Blockchain to support referencing and verification in recruitment, says Hays
Verifying candidate credentials, referencing and work contracts are just three areas of HR and recruitment that blockchain technology will impact, says Hays.
Nick Deligiannis, managing director of Hays in Australia and New Zealand, said, “Blockchain’s implications for the finance industry are well-known, but the potential to use the technology in the world of work is huge and it will soon transform HR and recruitment.”
Hays spoke to several HR experts and shares the following advice in its latest Hays Journal on how blockchain will impact HR and recruitment:
Verification: Blockchain can be used to verify individuals’ identities, qualifications, credentials and experiences during the recruitment process. According to research by CompTIA, 51% of early adopters of blockchain currently use it to verify digital identities.
Referencing: Blockchain could make the traditional process of referencing redundant. “Once someone has done a degree, they will just put their certificate in blockchain and it never needs to be verified again,” stated Jacky Carter, group digital engagement director at Hays.
Identify potential candidates: Blockchain will also allow those in HR and recruitment to more accurately identify potential candidates, as well as the particular roles they are best suited for. “At the moment it’s quite complex to match up talent with where it needs to be in an organisation, and even more so to do it in a verified way,” said Raj Mody, partner in PwC’s HR consulting business. “Time might not be a luxury you have because speed of delivery might be the only thing that gives you a competitive advantage. If that’s the case, then being able to use blockchain to really understand the power of your workforce could come into its own.”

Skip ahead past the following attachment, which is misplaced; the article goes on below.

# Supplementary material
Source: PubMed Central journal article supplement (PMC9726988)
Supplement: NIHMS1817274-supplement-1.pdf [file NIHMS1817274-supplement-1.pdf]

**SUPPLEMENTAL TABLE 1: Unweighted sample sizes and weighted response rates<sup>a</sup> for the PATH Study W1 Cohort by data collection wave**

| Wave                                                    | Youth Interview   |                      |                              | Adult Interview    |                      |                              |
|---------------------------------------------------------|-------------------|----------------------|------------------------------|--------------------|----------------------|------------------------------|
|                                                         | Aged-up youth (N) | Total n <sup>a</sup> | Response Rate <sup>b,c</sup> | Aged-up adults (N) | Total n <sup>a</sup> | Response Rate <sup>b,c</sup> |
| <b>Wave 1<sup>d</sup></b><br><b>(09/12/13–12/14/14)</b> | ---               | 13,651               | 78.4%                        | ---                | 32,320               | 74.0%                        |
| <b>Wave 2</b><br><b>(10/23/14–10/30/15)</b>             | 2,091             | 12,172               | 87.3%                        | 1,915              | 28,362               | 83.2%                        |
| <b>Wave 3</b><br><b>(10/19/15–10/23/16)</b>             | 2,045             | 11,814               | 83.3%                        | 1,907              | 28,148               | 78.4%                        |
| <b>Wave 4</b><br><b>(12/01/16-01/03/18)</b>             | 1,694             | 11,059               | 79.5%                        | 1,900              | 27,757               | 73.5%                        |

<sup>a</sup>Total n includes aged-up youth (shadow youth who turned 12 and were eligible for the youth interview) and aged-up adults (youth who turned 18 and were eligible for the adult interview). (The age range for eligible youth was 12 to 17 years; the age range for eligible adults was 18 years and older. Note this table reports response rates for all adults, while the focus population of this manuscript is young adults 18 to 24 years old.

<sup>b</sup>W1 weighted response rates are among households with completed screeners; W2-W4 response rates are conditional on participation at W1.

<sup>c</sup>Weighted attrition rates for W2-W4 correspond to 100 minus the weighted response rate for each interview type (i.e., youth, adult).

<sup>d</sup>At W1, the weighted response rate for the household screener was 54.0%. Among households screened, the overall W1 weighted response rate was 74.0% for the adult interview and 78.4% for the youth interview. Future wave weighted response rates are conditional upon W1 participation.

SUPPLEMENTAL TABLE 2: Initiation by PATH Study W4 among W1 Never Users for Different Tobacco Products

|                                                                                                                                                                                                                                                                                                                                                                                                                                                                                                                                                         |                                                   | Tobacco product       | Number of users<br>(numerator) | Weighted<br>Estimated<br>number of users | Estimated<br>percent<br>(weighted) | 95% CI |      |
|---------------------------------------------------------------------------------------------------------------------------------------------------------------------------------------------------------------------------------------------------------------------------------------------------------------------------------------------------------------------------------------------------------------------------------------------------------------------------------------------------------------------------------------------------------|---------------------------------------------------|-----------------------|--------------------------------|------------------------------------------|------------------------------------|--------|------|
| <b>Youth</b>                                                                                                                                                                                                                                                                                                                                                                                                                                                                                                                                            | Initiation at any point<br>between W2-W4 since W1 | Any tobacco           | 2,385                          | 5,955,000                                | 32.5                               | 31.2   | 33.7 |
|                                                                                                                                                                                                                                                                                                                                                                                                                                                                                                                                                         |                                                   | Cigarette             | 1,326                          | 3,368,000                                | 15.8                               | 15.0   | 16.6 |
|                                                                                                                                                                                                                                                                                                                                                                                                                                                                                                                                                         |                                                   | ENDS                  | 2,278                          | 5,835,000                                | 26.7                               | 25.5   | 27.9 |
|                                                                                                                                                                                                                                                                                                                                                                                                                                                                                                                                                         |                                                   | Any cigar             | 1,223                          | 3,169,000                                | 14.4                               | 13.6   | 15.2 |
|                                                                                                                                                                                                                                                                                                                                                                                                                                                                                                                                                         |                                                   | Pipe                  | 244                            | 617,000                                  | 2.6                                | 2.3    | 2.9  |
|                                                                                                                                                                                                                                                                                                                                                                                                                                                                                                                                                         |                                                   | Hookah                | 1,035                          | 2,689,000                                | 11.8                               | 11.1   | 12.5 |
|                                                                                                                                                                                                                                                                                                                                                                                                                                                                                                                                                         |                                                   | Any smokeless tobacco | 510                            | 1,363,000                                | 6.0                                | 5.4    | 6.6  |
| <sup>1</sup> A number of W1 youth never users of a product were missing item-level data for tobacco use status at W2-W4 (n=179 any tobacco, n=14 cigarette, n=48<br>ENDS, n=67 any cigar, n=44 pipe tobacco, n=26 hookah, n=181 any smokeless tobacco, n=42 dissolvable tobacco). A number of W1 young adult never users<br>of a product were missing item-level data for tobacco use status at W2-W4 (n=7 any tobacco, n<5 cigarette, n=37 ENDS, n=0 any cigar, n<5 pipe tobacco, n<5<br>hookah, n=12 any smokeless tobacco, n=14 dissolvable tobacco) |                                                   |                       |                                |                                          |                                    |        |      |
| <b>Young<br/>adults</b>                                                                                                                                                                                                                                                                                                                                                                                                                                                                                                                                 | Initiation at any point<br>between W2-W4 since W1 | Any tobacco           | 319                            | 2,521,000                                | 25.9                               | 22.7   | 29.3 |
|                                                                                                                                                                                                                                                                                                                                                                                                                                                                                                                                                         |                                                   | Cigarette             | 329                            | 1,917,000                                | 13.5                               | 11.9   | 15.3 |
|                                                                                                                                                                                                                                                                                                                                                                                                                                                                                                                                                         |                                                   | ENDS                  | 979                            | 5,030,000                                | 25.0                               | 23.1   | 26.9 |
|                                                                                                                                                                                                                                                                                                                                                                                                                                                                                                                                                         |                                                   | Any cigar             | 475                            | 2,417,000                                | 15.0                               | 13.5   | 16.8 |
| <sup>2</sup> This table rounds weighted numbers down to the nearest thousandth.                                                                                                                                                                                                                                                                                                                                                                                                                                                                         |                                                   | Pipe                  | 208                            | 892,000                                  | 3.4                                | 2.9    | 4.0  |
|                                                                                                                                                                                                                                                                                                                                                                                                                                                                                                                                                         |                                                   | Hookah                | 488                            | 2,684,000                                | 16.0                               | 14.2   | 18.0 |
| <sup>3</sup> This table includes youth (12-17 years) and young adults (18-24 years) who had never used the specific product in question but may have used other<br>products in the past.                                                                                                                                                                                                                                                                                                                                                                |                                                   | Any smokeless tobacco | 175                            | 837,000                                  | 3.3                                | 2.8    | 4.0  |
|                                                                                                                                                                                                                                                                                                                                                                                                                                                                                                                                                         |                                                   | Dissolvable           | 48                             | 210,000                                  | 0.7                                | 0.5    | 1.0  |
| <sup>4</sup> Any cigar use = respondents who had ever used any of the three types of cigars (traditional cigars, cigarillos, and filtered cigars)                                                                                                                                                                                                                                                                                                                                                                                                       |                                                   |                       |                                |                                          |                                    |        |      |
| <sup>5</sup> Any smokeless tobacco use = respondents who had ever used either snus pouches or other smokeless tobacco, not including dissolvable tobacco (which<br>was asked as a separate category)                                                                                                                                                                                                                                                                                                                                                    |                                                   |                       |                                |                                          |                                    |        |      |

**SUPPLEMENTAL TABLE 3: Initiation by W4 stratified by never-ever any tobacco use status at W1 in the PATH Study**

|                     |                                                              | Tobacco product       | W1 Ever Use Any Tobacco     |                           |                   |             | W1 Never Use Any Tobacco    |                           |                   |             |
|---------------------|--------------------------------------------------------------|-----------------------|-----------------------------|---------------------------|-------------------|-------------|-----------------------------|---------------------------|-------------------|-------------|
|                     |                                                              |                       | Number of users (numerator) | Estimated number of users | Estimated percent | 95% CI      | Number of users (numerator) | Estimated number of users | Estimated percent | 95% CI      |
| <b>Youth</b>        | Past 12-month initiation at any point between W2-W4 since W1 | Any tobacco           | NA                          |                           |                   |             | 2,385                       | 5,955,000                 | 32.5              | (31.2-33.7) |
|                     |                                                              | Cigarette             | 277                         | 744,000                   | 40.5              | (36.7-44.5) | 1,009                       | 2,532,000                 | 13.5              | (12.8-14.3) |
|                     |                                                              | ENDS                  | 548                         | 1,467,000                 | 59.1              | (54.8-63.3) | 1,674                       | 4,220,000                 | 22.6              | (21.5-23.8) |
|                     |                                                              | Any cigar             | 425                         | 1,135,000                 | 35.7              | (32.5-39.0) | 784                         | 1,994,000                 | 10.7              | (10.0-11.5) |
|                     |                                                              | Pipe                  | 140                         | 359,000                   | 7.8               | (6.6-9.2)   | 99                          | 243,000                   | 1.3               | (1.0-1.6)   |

Underpin work contracts: The technology can be used to underpin work contracts, using so-called ‘smart contracts’. “Why would you have bits of paper and manual delivery of contracts, where it requires a human being to decide if that contract has been fulfilled or not?” asked Mody. “You could make contracts programmatic so there are certain actions based on whether certain conditions have been fulfilled, so you might pay your employees’ bonuses based on the operation of smart contracts.”
This could prove to be the most revolutionary area, believes Gareth Brown, senior manager in Deloitte’s human capital consulting business: “The ability to switch on and off a contract with any individual employer, and to be able to define upfront the terms you’re working with, might be quite appealing to people but also to employers, because they’re not having to bring them into payroll systems and go through protracted procurement processes.”
Employee lifecycle: The potential for disruption extends to the recording of all employee information. “Before you even get a job offer, you have to go through a series of interviews and some form of qualification and validation process,” said Mody. “You then get on-boarded and there may be additional tasks you need to complete, whether it’s training records or compliance questionnaires, and that information would be collated.
“That whole process and data requires many different parties to interact, and this all carries on until eventually you exit, when there might be a handover and the whole process has to renew. Blockchain could radically simplify the experience that HR functions have today.”
Payroll: Blockchain could also be used in payroll. “That’s probably a bit further down the line but there are examples already, built on the premise that the Bitcoin and cryptocurrency market is stable enough to run payroll on it,” said Brown. “In the longer term, if those markets stabilise, I would imagine we would see more blockchain-enabled payroll technology.”
But, any move in this direction would need to be highly secure and tested before organisations are prepared to use it for this purpose, believes Carter. “In Hays’ case, we would have to be 100% satisfied in the stability and security of any system before we implemented it – we’re dealing with people’s livelihoods and identities,” she said. “At the moment it’s a case of closely watching it as the technology evolves, understanding what technology is being delivered, how trust is being built and looking at how that could potentially impact our world.”
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